On the evening TV News, senior communist politicians declared themselves to be Buddhist and how Thay would be their inspiration for future policy-making. It was a glorious, if surprising, moment in Viet Nams's history to be part of. But, it seems, it was to be short-lived.

On June 29 this year, one of Thay's monasteries came under siege by protesters. It is impossible at present to clearly understand what it was all about, but it seems the protesters included lay people and monks affiliated to those 'established state monasteries' who do not wish to reform afterall.
Thay's senior monks have been attacked and the monastery in question - Bat Nha - is surrounded and without water or electricity. What little food the locals can spare is all the monastics have received for a month now.

You can read a fuller account of the episode here.

Although the article portrays the incident as a new form of Buddhism being ousted by the older 'etablished' form, it is really not that at all. Quite the opposite in fact. It is more like a backlash against the more mainstream, authentic teachings of the Buddha because they challenge the corrupt behaviour of the minority.

Truly Engaged Buddhism is by its very nature political. It will radically and inevitably be a great challenge to the status quo. And that is what we are seeing now.
Furthermore, the current government seems to have changed its stance on Buddhism in Viet Nam and are keeping out of the situation. Some claim they are actually behind the protest. Either way, police have not protected the monks of Bat Nha from attack and the ongoing siege.

A senior spokesperson for Thich Nhat Hanh has said that the country's young people are flocking to Thay's reformed monasteries and dharma centres in favour of the established ones [which appear to be taking too long to change their ways], and that this is the root of the current discord.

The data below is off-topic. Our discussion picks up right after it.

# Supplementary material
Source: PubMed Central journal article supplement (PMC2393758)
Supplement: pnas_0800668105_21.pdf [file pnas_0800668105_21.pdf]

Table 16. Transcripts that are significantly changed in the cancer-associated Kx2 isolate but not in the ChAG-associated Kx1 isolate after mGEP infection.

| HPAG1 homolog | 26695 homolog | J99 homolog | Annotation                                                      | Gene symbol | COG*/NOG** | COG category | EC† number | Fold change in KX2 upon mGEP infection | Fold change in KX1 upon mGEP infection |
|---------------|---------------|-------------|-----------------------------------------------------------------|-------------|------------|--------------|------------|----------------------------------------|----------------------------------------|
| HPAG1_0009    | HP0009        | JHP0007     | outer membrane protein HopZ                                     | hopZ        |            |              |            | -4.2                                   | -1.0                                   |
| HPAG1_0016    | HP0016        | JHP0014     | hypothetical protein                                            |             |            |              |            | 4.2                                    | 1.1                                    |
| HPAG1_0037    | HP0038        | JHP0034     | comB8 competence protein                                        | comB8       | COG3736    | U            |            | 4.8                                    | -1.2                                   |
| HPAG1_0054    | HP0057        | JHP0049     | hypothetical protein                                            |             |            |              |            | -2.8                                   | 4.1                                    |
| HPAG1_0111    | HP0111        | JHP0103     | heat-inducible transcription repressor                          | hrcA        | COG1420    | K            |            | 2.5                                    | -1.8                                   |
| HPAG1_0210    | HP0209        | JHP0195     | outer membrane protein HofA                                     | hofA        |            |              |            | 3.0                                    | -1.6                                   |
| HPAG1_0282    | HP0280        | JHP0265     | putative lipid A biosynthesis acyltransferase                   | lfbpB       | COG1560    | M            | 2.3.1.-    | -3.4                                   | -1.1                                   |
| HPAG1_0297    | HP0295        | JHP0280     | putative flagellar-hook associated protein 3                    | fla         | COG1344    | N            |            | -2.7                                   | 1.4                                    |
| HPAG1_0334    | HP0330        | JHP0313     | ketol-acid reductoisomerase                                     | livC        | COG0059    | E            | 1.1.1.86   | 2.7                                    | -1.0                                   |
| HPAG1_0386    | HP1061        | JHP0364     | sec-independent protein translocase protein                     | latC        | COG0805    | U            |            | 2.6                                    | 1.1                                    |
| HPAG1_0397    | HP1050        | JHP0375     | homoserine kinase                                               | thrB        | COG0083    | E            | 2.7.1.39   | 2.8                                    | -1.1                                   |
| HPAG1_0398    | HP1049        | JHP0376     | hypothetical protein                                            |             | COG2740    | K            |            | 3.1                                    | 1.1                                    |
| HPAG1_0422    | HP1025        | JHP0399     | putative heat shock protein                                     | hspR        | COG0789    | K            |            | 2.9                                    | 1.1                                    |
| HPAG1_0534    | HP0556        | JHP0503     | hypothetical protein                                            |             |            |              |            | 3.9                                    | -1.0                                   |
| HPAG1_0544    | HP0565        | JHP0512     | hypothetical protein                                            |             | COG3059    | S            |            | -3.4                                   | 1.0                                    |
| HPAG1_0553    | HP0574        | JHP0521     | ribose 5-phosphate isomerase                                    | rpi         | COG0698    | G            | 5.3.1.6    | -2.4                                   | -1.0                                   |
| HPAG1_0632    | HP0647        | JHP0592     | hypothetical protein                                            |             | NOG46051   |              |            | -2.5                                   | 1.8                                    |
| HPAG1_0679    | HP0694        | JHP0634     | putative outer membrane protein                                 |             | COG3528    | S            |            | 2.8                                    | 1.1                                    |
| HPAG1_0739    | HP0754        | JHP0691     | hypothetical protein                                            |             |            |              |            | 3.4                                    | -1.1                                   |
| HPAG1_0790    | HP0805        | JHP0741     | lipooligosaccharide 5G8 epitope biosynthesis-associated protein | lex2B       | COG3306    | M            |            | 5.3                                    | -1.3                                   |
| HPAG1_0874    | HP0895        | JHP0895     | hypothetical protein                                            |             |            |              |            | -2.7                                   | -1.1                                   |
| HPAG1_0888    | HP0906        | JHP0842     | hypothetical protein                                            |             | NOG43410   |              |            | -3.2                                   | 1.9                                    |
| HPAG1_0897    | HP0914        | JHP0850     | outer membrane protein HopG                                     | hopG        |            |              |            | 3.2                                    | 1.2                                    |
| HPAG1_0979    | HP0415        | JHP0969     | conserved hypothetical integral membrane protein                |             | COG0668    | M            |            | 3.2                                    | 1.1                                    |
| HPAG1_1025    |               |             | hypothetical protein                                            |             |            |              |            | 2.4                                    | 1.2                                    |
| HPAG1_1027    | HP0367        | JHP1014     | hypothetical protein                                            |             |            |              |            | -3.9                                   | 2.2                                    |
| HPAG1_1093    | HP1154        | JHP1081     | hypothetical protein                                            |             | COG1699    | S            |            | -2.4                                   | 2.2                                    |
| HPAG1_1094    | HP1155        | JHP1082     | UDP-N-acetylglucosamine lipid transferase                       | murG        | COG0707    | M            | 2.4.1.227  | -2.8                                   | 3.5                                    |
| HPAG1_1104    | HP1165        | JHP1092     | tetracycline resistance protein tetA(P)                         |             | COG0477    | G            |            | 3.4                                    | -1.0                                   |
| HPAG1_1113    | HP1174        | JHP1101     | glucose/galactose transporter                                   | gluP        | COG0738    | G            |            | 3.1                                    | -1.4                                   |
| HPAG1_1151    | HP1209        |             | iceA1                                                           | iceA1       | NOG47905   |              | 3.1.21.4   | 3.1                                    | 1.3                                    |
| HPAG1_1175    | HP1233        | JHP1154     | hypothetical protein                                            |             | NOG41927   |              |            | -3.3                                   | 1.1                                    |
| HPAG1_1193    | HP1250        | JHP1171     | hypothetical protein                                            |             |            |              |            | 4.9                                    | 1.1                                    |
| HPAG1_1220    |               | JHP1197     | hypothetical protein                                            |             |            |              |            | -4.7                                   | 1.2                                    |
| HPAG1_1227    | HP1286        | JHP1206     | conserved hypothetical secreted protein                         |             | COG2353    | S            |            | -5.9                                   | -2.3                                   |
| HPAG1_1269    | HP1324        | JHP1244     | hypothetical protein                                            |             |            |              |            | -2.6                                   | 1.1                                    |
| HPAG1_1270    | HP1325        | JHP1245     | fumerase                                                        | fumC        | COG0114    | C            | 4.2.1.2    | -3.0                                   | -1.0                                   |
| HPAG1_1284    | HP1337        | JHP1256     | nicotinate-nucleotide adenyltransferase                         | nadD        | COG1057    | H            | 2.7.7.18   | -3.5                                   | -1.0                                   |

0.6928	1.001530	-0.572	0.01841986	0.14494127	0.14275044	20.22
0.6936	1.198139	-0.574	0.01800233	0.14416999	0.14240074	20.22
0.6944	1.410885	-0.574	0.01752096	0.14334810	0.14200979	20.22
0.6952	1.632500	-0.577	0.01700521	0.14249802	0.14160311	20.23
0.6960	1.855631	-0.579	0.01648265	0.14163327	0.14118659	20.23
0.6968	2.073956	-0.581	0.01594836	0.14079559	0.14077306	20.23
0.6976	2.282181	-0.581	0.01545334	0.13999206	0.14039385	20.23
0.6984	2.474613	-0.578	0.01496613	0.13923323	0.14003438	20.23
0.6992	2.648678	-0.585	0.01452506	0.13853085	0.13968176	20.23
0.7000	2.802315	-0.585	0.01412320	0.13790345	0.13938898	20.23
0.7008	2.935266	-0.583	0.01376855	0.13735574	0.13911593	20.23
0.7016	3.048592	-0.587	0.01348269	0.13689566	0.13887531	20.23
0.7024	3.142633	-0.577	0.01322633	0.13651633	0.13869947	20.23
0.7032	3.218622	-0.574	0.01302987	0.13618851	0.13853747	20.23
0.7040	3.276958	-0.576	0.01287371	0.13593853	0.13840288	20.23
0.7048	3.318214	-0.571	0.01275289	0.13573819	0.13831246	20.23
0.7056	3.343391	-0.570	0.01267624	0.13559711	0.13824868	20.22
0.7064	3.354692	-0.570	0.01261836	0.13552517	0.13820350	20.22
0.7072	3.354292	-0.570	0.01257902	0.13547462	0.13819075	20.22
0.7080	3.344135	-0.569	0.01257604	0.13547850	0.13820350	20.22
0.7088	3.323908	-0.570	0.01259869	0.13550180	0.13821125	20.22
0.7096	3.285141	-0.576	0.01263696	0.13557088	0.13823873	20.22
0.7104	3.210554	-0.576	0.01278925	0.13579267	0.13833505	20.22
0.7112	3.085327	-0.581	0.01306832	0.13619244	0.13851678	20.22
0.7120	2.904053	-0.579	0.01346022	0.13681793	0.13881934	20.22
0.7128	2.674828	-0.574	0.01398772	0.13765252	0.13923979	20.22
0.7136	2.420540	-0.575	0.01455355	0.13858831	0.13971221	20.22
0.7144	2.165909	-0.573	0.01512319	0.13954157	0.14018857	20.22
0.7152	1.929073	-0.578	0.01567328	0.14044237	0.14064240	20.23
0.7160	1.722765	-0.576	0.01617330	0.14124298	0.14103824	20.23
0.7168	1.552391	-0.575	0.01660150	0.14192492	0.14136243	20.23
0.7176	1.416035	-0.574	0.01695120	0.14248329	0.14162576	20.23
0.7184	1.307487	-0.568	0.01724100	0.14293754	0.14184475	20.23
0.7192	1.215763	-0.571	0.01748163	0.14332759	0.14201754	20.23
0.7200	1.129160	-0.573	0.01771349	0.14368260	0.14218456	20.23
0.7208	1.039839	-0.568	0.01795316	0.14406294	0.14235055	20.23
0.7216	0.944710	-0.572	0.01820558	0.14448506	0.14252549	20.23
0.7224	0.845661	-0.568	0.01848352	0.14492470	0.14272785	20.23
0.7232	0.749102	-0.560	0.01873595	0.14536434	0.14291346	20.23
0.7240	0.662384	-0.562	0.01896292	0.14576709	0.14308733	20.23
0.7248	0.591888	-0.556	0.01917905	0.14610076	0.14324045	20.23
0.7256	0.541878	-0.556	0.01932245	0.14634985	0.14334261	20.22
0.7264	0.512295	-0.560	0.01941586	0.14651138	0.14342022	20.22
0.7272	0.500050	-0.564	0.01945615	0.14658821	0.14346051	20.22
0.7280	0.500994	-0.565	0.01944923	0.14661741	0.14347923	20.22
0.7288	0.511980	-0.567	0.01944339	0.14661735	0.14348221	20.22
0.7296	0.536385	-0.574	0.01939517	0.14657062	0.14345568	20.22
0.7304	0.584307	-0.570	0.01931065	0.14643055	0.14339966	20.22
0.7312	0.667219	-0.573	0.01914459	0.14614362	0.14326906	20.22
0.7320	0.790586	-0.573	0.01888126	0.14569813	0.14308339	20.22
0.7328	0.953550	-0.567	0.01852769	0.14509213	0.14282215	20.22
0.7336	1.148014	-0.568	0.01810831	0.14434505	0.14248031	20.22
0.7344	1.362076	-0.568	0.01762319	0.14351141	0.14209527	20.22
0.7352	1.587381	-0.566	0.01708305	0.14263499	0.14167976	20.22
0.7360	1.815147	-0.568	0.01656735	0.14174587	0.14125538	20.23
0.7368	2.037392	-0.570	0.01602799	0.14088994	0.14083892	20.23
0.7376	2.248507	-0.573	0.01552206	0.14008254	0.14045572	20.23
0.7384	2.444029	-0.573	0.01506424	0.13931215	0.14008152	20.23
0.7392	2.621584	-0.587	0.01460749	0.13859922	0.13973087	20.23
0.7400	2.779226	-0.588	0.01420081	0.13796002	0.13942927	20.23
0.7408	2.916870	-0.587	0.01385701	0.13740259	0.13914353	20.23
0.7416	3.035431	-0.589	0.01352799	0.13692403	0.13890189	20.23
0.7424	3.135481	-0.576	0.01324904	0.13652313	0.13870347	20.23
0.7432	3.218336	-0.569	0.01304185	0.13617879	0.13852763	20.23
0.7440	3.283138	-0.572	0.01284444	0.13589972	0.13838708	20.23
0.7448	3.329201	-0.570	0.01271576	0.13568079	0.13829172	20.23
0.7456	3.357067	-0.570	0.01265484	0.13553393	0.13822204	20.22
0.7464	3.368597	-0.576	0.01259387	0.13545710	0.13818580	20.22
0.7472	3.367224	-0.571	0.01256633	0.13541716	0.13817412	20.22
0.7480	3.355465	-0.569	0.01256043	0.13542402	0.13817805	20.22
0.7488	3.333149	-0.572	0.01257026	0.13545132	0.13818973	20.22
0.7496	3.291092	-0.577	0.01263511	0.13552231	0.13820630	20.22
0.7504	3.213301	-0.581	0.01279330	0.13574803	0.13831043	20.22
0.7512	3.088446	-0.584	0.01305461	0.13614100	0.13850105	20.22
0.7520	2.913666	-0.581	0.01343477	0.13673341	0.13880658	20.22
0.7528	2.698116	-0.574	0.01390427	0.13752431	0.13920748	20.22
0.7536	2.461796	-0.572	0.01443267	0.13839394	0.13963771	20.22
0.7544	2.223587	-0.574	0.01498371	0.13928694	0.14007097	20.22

On top of that, the government [by definition] dislikes whatever they cannot control. And this is certainly the case here. Perhaps they fear they have created a situation, however positive, that is running away from them altogether and they simply cannot allow that to continue.

The teachings of the Buddha invite us to go beyond all isms and established structures whatsoever.
Ultimately it is about the boundlessness of human potential.
Unfettered people-power was never going to sit well with the government and religious establishment of Viet Nam. And this is the latest evidence ... 'too fast, too soon'.

I suppose it was to be expected afterall.
A quiet revolution of the heart and mind is a revolution nonetheless.

1 comment:

  1. Hi Bruno,

    I'm a student of Chokyi Nyima Rinpoche's from Bouddha, and also a doc filmmaker. I'm writing you bc I'm looking for a picture of the cave at Maratika for a piece about Tulku Urgyen Rinpoche's yangsi enthronement. I need to explain more but would rather do so outside of your blog post/ Can you please contact me by email? I'm at laurajbeatty [at]

    Many thanks and peace,